From January of 1972 until May of 1973 I was enrolled as a graduate student taking courses in vernacular Chinese Mandarin, classical Chinese, contemporary Chinese literature, and linguistics work studying towards a Masters. I still, however, had the itch to return to Taiwan to learn more Chinese language and literature at National Taiwan University. After being accepted there, I returned to Taiwan again at the end of May of 1973 with four of my classmates.
To make a long story short, I never studied at National Taiwan University because I met another Taiwanese woman and got married. To support my new family after the birth of a son in early 1974, I easily found employment again in commercial language schools as an EFL teacher.
At the beginning of 1974 I decided to launch my own home English language teaching business for convenience and to earn more money. This turned out to be a great success over the next five years because I once again was in the right place at the right time. Taiwan was rapidly modernizing during the 70s, and my services as an EFL teacher and tutor were in great demand among mostly businessmen and traders in the port city of Kaohsiung in southern Taiwan where I was living at the time.
An ESL Employment Opportunity in Toledo, Ohio
By July of 1979, my wife and I had decided to live in the United States for the future of our son who was now over five years old. We wanted him to get an education in the U.S., and we were both prepared to give up my well-paying teaching business.
The problem turned out that I didn't get any job offers after I arrived in Wisconsin. After spending a little over a week with my folks, I headed out to Adrian, Michigan, to see my old friend and roommate Jeff and search for work as a chemist.
Once again, I happened to be in the wrong place at the wrong time. The chemical company where my friend was working wasn't hiring and I couldn't find any other work. To make matters worse, my son was hit by a car while riding a bicycle on the side of a big road. He turned out to have a badly broken left arm and was taken to a hospital in Toledo, Ohio, about 25 miles south of Adrian where Jeff lived.
I was really in trouble now with a seriously injured son in the hospital, a wife new to the United States, and no place to live other than my car and the waiting room of the hospital. Fortunately, Jeff came to my rescue by introducing me to a knowledgeable elderly woman who assisted with my immediate problems. Mrs. Littlefield happened to introduce me to her female friend who put me up in her home until I found an apartment to rent. More importantly, she introduced me to Jose who was the head of the Bilingual Program for the Toledo Public Schools. Based on my experience of teaching EFL in Taiwan for six years, Jose hired me in September of 1979 as an ESL tutor employed by the Toledo Public Schools. My job duties were to drive around to two or three schools in Toledo each day and tutor foreign immigrant children in English as a second language. I kept this job until December of 1980 when I resigned to take a job with the Department of Defense in Maryland.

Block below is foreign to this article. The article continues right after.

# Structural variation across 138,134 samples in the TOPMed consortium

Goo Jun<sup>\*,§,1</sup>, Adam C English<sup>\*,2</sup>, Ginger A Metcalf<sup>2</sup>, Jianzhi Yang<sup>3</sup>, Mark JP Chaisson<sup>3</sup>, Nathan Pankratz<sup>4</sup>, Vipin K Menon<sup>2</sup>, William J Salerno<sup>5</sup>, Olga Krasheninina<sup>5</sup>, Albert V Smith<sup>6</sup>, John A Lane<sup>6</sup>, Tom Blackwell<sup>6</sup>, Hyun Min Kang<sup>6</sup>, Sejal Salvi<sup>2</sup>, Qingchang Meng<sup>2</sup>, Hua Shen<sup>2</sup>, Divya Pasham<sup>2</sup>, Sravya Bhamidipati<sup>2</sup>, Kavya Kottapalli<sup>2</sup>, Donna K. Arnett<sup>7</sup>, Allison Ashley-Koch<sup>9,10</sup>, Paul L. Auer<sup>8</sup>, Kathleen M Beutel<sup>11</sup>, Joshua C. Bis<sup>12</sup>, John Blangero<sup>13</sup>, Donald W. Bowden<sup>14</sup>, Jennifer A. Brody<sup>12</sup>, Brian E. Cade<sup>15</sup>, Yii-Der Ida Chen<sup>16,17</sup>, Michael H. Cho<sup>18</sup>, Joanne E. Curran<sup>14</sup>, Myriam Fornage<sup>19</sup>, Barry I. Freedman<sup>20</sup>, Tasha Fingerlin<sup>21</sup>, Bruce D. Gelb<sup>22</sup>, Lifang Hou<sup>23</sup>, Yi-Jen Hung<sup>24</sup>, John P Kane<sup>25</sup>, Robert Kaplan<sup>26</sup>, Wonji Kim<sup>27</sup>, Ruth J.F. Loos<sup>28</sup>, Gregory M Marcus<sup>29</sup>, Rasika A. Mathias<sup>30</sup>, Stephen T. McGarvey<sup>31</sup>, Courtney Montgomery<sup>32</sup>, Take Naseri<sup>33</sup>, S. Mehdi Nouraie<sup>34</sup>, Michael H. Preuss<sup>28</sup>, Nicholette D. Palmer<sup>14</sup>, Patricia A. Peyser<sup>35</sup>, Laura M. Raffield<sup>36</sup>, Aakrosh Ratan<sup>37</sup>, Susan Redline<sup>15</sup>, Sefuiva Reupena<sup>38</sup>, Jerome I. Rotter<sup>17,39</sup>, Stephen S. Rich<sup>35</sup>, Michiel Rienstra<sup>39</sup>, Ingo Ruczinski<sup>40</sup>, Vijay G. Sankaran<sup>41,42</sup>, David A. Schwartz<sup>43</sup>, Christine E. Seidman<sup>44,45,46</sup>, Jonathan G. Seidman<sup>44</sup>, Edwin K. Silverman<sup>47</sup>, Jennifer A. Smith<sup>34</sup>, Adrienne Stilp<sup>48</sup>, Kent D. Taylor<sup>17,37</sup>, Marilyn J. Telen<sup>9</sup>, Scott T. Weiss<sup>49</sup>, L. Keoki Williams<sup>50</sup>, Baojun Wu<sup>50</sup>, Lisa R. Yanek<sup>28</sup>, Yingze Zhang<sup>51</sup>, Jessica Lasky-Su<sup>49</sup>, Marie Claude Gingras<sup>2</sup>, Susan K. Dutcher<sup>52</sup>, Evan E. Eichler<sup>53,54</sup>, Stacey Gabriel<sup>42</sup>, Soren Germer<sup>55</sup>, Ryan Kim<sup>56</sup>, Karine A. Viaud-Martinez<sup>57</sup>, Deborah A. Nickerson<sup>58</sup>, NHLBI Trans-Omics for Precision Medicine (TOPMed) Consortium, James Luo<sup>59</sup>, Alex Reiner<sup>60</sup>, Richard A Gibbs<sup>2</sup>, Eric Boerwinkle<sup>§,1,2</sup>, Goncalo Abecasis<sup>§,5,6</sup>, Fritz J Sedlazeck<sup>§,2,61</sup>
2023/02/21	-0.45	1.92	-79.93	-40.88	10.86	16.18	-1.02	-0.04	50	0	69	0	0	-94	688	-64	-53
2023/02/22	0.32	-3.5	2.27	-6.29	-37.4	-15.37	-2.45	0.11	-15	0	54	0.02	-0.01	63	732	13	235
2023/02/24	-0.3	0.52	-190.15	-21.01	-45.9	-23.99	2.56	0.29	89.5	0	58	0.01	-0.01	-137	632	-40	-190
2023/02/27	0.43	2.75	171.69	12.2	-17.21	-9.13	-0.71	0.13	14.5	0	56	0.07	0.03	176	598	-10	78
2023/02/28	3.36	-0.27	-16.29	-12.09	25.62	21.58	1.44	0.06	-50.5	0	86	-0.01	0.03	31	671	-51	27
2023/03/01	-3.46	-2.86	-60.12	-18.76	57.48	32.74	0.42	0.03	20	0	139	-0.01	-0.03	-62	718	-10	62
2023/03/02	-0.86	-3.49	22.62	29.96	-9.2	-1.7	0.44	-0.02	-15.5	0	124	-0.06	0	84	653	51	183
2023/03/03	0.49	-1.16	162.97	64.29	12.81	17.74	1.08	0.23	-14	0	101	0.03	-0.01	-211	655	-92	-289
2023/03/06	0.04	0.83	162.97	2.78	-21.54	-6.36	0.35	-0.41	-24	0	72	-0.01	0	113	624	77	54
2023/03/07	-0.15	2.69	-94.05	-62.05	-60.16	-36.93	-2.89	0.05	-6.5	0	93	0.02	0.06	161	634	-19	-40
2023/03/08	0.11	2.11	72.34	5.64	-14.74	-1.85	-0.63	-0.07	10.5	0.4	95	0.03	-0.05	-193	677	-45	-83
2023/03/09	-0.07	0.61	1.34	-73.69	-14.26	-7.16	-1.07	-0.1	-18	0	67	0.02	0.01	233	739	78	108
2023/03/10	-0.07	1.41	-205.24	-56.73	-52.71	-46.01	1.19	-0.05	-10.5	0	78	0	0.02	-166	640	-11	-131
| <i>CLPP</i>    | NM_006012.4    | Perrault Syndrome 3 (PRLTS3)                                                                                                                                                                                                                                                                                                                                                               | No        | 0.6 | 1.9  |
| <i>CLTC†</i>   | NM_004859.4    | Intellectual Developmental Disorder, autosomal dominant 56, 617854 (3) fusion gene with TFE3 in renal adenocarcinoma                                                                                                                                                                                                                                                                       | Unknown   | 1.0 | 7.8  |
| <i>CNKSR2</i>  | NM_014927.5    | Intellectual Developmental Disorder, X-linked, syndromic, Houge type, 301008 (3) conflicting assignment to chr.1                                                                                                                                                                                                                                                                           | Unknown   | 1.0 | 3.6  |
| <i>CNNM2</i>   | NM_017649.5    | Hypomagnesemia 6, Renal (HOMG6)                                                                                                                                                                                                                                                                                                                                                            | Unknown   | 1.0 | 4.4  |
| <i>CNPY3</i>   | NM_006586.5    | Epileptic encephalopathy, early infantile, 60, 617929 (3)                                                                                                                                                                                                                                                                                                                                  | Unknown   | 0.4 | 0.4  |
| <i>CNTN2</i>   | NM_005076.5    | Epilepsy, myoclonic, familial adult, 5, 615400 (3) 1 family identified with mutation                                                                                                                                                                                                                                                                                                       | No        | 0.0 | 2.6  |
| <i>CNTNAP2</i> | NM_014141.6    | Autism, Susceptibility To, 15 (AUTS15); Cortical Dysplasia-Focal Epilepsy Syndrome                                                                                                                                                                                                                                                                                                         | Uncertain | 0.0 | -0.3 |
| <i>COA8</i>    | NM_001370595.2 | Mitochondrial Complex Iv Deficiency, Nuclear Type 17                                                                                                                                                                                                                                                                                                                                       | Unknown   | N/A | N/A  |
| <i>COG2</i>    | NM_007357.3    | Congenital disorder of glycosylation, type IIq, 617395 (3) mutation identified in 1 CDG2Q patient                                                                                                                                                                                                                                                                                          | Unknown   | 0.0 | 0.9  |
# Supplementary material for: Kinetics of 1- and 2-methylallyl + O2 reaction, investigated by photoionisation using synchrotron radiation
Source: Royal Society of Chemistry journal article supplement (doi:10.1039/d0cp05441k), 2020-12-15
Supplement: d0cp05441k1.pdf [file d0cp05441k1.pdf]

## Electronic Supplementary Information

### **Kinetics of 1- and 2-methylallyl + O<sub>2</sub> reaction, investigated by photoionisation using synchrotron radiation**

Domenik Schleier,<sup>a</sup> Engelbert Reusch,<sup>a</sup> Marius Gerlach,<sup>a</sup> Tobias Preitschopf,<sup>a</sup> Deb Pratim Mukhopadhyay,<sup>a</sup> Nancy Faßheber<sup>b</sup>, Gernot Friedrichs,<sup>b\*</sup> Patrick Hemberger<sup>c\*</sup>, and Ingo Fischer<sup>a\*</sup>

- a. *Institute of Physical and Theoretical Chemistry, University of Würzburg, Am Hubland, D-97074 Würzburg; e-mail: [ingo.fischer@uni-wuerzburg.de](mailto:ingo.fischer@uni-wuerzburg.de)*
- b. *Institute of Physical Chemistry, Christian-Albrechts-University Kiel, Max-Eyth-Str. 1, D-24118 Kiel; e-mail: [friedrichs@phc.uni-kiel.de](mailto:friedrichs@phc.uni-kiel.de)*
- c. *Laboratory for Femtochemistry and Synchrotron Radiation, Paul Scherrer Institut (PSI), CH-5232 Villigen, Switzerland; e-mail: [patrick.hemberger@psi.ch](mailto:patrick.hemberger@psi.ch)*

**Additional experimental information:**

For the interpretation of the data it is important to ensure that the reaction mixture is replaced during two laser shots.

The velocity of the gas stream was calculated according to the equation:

Department of Defense Seal
Finding a Job with the Department of Defense as a Chinese Linguist
I didn't earn much as an ESL tutor in Toledo, so I had to take part-time evening and night employment as a security guard. My situation improved greatly in January of 1980 when I was able to get GI educational benefits to work towards certification as a high school teacher at the University of Toledo. Since I couldn't get work as a chemist probably because I had been away from chemistry so long, I decided to get my certification to become a high school chemistry teacher.
I knew, however, that high school teachers weren't making that much money in 1980. Therefore, at the suggestion of my friend Jeff and Wisconsin Congressman, Senator William Proxmire, in January of 1980 I applied for work as a Chinese linguist with the Department of Defense in Maryland. To my surprise, I was called out to Maryland in March two months later for three days of interviews and processing. I never expected to get hired by the Department of Defense, so when I got the job offer in early December of 1980, I was ecstatic.
Looking back on my hiring, I realized that I was once again in the right place at the right time. In 1980, there was a demand for Chinese linguists in the government because China had recently ended the Cultural Revolution, established diplomatic relations with the U.S., and generally opened itself to the West. There was a lot to learn about China, and the government needed Chinese linguists like me.
EFL Teaching in Bangkok, Thailand
Finding a Good EFL Teaching Position in Bangkok
My 27 years of work as a Chinese linguist with the government was very exciting, interesting, and rewarding. After I retired in 2007, I decided to live and work in Thailand as an EFL teacher. Although I had been away from EFL and ESL teaching for 27 years, there was still a burning desire to get back into it after my government retirement.
During the second half of 2007, I was recently remarried and living with my Thai wife in a suburb of Bangkok. After taking a brief teaching job through an agent at a government school near Bangkok, I got lucky again by being in the right place at the right time.
Around 2006, many private schools in Bangkok were starting to launch special English Programs and EFL teachers were in demand. It so happened that in the neighborhood where I lived one of the next door neighbors was acquainted with the daughter of a teacher at a big all-girls Catholic School about two to three kilometers from my house. With assistance from my wife and the school teacher, I was able to get a job interview with the principal of the school who hired me on the spot. I had the interview around the middle of November and started work at my new school, Saint Joseph Bangna, around January 3 of 2008. I enjoyed my six plus years at Saint Joe's very much and retired from teaching on April 1, 2014, and then moved to Udorn with my wife.
Based on my employment experiences in life, how can I say that good luck and fate doesn't play a big part in work success. Being in the right place at the right time is very important.
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© 2015 Paul Richard Kuehn